Although some ISO standards for infusion transfer devices can be adapted to fit vial transfer devices, there are issues unique to closed system transfer devices. New standards are needed. For example, a noticeable number of complaints have been registered regarding the intrusion of stoppers into vials during the insertion of closed system transfer devices. Since stopper intrusion rarely occurs during infusion, there is no ISO standard addressing it. A study to understand the issue was recently conducted (4,5), and a comprehensive process to assess the probability of stopper intrusion has been developed (Figure 5).

Figure 5
Figure 5 3-Step Process to Assess Stopper Intrusion Probability

Another problem is vial breakage, primarily caused by the excessive force required during attachment of the closed system transfer device.

4. Performance Differences as the Result of Design Differences

The differences in vial transfer device and stopper designs result in significant variations in performance. Coring and fragmentation have been a challenge for needle-puncturing; however, the designs of the piercing device for various vial transfer devices may increase the likelihood of coring and fragmentation compared to needles. Figure 6 illustrates the fragmentation performance of various transfer devices with different stoppers. West recommends evaluating the performance of the combined container system (vial, stopper and seal) with the transfer system before making a decision or recommendation.

Figure 6
Figure 6 Fragmentation Impacted by Vial Transfer System and Stopper Designs

5. No Measurement Method of Closed System Transfer Devices Efficacies Covering All Closed System Transfer Devices Types

The intent of USP <800> is to protect healthcare providers from exposure to hazardous drugs. Closed system transfer devices are required to contain the drugs and prevent spills, sprays and vapors (7). Yet USP <800> has some limitations: it neither instructs on acceptable test methods, nor provides criteria for pass/fail.

A summary of independent tests showed key differences in protective efficacy of closed system transfer devices (8–10). Six brands of closed system transfer devices were investigated: PhaSeal™, Equashield®, ChemoClave®, ChemoLock™, SmartSite® and OnGuard®/Tevadaptr®. The first test followed the two-task procedure described in the NIOSH protocol (9,10). This test uses 70% IPA as a surrogate drug solution and is performed in a closed desiccator. The vapor of IPA is a measure of leakage. The PhaSeal and Equashield devices passed with no detectable IPA leak. This protocol method cannot be applied to a CSTD with an air-cleaning technology like the OnGuard/Tevadaptor system, however. The second test used the basic chemotherapeutic drug 5-fluorouracil (5-FU) (9,11). The color change of the litmus paper is indicative of leakage. Only the Equashield device passed this test. The third test was performed on CSTDs with air-cleaning technology (9). This test showed that the results varied with the level of manipulation.

Conclusion

Closed system transfer devices have been developed to prevent occupational exposure to hazardous drugs and to protect patients, healthcare personnel and the environment from their effects. Yet, USP <800> neither provides limits of pass/fail nor instructs on acceptable test methods. Multiple challenges in the implementation USP <800> need to be addressed as there are numerous variabilities on the functionality of vial transfer devices and the efficacy of closed system transfer devices depending on their designs. Standards and testing methods must be developed and validated with pass/fail limits to assess the performance of vial transfer devices, including closed system transfer devices and a screening process must be recommended for healthcare sites to select transfer devices. Addressing these issues now will help ensure successful implementation of USP <800>.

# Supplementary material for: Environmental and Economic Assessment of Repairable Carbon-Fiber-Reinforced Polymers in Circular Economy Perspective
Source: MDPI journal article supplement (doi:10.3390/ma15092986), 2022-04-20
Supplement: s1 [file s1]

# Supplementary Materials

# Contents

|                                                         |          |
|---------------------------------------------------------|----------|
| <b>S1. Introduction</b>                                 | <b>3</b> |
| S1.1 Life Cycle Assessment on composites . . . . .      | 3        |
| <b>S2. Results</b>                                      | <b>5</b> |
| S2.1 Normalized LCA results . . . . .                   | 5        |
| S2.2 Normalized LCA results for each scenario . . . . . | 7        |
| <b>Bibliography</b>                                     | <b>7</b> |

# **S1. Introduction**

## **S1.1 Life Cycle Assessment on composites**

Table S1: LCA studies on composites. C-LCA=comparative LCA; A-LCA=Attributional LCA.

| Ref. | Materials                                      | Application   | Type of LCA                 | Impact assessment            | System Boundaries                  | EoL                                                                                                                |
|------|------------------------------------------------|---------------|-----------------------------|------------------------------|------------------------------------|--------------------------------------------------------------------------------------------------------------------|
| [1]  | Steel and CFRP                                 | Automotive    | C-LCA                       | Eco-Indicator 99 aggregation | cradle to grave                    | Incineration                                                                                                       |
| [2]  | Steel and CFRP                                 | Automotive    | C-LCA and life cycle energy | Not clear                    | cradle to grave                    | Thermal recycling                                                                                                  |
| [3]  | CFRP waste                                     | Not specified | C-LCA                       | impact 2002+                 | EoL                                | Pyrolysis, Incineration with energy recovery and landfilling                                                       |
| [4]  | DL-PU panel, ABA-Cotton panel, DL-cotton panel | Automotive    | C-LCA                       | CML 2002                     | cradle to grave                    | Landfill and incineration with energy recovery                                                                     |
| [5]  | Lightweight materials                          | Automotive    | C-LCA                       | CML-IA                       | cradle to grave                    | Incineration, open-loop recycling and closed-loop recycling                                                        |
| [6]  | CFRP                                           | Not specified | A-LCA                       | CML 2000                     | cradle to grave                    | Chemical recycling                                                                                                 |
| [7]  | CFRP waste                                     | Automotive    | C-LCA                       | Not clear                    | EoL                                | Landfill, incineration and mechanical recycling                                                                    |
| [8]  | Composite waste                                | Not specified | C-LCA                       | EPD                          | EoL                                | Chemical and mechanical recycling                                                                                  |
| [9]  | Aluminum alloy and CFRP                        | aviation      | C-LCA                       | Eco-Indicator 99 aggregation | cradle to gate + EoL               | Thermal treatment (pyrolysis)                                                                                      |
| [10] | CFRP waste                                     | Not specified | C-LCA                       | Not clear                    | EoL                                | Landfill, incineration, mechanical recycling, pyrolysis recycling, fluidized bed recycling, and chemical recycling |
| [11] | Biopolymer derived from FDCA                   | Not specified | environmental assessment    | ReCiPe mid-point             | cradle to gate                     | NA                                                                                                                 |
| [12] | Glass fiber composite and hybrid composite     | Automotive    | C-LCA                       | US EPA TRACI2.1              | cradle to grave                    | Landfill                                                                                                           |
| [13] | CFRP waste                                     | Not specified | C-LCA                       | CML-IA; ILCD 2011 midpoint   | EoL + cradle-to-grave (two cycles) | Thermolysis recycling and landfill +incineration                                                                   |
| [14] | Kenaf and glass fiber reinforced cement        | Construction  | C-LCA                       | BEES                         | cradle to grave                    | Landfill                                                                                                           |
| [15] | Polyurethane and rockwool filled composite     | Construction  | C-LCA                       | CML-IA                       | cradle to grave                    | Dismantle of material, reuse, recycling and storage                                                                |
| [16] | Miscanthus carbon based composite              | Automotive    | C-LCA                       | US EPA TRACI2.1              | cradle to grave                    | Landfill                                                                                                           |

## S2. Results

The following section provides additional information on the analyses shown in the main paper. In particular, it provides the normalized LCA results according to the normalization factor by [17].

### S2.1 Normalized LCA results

• PhaSeal™ is a trademark of Carmel Pharma AB.
  • Equashield® is a registered trademark of Equashield Medical, Ltd.
  • ChemoClave® and ChemoLock™ are trademarks and registered trademarks of ICU Medical, Inc.
  • SmartSite® is a registered trademark of CareFusion 303, Inc.
  • OnGuard® is a registered trademark of B. Braun Medical, Inc.
  • Tevadaptor® is a registered trademark of Teva Medical Ltd.
  • About the Author

    Cathy ZhaoCathy Xia Zhao, PhD, has over 15 years of experience in the medical/pharmaceutical industry. She is currently the Director of Scientific Insights Lab in West Pharmaceutical Services, Inc, and has held various positions in West prior, such as Global PPS Research Director. Before joining West, Zhao worked for BD as a Principal Materials Scientist.

    Allison RadwickAllison Radwick has a PhD in Pharmaceutical Sciences from the University of Connecticut and a B.S. in Pharmacy with a minor in Psychology from the University of the Sciences in Philadelphia. She has clinical pharmaceutical science expertise in pharmacy compounding and formulation, the pharmaceutical drug development lifecycle, clinical study oversight, staff development, and program management promoting effective, compliant endeavors at all times. Radwick has academic experience as a pharmaceutical sciences lecturer and lab instructor at University of The Sciences in Philadelphia and Thomas Jefferson University. She is currently the Scientific Affairs Manager for West Pharmaceutical Services, Inc. in Exton, Pa and facilitates global learning and development.